It took several years and multiple attorneys to obtain the documentation necessary to apply for citizenship. For many years, she had to live on a resident card, which had to be renewed often. Last year, at age 46, she was finally able to obtain her U.S. citizenship. But, she should have never had to go through this ordeal. 

A photo album seen at Staci Robison’s Lehi home on Tuesday, July 25, 2023, shows photographs from June 16, 1976, as she arrived from Korea at Salt Lake City International Airport and first met her adoptive parents, Roland and Deanne Robison. | Spenser Heaps, Deseret News
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Adoption service providers should have ensured that each adoptive family was guided through obtaining their child’s citizenship. Inconsistency in follow-up services meant some international adoptees became citizens while others remained “in limbo” despite being legally adopted by American citizens. This problem creates an unfair disparity between internationally adopted children and biologically born or domestically adopted children. 

Adoptees without citizenship are being held responsible and endure the legal, economic, and psychological disadvantages of being marginalized as noncitizens. The responsibility, however, truly lies with the governments, agencies, service providers, legal counsel, guardians and court officers who facilitated intercountry adoption.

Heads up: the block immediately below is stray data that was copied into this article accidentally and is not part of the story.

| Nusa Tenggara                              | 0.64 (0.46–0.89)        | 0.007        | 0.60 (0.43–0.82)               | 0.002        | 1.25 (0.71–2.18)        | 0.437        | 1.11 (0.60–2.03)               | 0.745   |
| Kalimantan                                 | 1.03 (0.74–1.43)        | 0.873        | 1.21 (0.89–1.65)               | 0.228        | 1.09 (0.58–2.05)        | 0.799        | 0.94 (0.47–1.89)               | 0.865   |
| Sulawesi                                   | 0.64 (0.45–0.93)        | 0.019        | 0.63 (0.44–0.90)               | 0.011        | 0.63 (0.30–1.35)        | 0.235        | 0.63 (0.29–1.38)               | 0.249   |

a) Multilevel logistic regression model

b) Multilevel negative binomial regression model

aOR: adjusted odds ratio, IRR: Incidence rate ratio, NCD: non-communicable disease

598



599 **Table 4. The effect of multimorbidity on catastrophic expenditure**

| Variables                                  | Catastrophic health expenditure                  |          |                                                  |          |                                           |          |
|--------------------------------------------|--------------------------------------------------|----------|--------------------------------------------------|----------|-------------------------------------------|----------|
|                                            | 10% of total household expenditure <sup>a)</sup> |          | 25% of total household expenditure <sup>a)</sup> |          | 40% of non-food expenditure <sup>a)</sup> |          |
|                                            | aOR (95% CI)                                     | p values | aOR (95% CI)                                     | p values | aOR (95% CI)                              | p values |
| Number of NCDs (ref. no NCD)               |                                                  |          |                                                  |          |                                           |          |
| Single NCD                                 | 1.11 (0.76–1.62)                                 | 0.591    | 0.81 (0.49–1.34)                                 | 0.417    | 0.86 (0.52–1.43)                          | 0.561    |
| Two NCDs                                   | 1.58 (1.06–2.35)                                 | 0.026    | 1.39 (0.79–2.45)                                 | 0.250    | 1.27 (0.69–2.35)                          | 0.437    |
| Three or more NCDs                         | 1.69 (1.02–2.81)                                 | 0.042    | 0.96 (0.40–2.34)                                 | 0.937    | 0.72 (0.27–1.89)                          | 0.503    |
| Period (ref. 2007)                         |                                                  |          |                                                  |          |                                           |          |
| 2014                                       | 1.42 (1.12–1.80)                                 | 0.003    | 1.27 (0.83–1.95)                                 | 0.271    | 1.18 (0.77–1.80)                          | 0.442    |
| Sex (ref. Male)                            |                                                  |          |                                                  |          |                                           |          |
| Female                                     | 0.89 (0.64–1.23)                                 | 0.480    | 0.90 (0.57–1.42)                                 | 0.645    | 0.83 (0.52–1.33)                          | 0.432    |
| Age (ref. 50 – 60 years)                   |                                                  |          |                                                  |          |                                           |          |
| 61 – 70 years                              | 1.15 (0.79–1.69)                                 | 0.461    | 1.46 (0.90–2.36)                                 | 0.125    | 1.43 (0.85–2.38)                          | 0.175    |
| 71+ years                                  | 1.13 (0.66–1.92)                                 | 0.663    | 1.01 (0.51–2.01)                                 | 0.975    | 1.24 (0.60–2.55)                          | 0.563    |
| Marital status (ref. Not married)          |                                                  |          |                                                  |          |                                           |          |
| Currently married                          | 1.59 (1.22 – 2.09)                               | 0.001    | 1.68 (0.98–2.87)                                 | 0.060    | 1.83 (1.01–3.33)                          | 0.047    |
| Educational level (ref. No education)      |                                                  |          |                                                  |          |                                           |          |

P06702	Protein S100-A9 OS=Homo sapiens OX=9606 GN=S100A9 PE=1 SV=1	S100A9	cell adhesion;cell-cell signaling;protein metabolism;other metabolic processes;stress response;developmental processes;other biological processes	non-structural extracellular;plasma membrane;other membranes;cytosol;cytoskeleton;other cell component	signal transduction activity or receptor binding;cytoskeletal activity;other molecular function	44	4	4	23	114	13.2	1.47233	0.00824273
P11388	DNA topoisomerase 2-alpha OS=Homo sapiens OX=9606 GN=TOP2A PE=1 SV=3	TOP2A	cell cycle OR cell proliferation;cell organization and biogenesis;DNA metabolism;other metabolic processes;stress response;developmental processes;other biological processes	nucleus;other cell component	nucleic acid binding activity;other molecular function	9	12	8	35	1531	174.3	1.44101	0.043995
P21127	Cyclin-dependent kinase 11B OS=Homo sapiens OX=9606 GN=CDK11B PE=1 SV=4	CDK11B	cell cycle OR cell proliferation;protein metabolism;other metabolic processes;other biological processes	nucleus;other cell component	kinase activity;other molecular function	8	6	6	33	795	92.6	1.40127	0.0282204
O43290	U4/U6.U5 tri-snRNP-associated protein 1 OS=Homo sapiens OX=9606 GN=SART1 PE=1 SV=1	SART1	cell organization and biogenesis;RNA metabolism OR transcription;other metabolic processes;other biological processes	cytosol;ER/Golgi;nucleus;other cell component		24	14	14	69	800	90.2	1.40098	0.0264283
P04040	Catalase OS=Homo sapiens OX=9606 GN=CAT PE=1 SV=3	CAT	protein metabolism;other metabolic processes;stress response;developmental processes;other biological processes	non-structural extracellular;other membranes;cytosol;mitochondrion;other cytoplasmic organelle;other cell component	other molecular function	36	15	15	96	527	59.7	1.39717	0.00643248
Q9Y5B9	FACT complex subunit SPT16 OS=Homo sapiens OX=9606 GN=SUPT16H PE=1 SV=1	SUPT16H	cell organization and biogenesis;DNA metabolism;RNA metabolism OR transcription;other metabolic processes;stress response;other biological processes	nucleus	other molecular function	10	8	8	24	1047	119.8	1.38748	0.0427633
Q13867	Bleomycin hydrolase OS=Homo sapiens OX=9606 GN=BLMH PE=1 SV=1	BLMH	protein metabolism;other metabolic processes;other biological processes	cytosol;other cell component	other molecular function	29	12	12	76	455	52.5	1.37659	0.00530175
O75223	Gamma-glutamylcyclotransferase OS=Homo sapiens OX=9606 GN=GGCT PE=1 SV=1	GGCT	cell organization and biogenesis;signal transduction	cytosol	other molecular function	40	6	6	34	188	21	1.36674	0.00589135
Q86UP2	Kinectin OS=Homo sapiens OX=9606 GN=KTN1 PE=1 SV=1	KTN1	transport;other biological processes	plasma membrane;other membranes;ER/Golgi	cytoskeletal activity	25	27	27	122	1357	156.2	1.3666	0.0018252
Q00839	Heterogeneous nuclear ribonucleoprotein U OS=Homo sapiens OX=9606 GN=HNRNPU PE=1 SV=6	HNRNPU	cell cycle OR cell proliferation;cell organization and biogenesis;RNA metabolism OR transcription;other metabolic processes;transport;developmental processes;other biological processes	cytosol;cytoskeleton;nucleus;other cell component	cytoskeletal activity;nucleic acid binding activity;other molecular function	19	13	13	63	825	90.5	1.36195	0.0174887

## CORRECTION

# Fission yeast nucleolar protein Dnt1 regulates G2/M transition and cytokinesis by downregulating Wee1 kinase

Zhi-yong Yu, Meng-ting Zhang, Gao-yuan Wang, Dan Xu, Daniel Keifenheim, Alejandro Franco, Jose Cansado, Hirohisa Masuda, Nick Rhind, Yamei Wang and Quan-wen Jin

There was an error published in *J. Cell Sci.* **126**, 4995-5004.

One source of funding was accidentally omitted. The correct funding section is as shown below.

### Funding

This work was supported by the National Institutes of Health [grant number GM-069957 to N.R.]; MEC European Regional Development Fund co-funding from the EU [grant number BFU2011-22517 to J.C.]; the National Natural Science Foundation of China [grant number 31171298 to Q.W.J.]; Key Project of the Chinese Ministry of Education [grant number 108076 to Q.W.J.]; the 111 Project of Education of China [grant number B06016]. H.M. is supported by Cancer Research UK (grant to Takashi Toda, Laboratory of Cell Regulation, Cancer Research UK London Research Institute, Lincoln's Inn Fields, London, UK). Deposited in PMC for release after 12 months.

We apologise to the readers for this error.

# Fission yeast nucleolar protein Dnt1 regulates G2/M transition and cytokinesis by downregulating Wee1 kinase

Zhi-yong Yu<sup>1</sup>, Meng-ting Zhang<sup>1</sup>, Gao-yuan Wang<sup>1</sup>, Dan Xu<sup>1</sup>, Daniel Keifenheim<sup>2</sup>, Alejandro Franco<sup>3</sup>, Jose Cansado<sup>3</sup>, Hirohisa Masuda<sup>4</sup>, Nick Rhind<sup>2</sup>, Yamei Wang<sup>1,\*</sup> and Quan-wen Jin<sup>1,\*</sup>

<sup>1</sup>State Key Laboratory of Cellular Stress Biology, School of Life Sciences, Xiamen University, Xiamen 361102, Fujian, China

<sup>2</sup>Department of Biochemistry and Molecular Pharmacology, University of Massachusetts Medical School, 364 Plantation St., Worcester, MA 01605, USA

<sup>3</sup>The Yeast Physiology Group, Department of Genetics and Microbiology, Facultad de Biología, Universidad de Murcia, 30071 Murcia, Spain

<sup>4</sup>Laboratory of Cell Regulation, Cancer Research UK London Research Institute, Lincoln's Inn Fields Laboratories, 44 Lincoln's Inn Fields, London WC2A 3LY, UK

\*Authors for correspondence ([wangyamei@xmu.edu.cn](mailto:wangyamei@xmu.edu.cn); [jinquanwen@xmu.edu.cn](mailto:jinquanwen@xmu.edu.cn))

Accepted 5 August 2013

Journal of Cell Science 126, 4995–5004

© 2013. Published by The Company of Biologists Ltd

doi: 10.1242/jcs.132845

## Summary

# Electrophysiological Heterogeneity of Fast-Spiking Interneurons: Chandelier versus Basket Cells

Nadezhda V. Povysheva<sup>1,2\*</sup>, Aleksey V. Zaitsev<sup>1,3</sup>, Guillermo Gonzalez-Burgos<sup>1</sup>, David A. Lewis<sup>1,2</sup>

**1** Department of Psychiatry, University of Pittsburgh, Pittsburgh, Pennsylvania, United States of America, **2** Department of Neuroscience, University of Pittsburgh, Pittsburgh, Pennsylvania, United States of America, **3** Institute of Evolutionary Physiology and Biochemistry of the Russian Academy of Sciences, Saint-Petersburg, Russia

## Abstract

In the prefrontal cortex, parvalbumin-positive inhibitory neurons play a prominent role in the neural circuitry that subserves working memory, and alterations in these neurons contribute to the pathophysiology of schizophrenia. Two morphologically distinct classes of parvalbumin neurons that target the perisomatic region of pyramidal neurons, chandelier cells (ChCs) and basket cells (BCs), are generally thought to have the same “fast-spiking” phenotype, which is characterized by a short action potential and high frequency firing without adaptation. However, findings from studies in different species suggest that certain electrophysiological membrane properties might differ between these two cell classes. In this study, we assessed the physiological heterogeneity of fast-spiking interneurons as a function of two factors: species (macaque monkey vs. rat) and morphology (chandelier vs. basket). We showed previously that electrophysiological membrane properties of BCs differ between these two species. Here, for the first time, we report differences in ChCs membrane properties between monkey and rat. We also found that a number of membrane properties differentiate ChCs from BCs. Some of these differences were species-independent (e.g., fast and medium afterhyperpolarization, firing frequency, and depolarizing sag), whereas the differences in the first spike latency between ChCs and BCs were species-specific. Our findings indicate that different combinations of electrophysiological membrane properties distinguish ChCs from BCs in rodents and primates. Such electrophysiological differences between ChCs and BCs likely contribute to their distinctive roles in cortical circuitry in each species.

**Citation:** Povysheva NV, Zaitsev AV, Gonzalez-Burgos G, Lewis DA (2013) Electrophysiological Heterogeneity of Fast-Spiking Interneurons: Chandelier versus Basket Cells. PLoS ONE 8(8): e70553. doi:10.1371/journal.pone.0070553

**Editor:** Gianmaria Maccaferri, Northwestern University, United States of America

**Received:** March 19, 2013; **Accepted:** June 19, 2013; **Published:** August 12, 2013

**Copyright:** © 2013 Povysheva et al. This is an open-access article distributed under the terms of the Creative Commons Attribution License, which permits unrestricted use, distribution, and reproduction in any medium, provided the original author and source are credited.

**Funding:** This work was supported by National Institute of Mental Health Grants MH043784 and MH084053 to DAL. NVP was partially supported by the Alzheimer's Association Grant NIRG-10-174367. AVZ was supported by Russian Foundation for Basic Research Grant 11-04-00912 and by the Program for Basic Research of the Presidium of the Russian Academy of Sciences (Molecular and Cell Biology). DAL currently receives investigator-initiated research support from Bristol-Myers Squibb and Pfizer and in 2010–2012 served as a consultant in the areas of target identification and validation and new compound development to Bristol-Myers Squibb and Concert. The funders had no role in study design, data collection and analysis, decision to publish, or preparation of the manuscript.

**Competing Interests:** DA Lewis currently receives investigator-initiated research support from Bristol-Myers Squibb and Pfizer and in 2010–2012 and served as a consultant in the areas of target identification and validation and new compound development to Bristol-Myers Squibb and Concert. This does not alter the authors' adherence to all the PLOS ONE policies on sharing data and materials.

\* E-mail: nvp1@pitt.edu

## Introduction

Adoptees without citizenship face hardships, including difficulty obtaining jobs, accessing loans for education or housing, or receiving public benefits including social security, medical care and legal justice — despite having contributed to these benefits through their labor and taxes.

Voting and obtaining driver’s licenses are often unavailable. Even worse, more than 50 intercountry adoptees have been separated from their families and communities and forcibly deported to countries where they do not know the language or culture, and lack financial and emotional support systems.

The Child Citizenship Act of 2000 sought to correct this gap by granting citizenship to adopted individuals who were under 18 years of age on its date of enactment — those born on or before Feb. 27, 1983. Unfortunately, due to the arbitrary age cutoff date, an estimated tens of thousands of adult intercountry adoptees born before that date were still left without citizenship, with a significant portion of these being Korean American adoptees.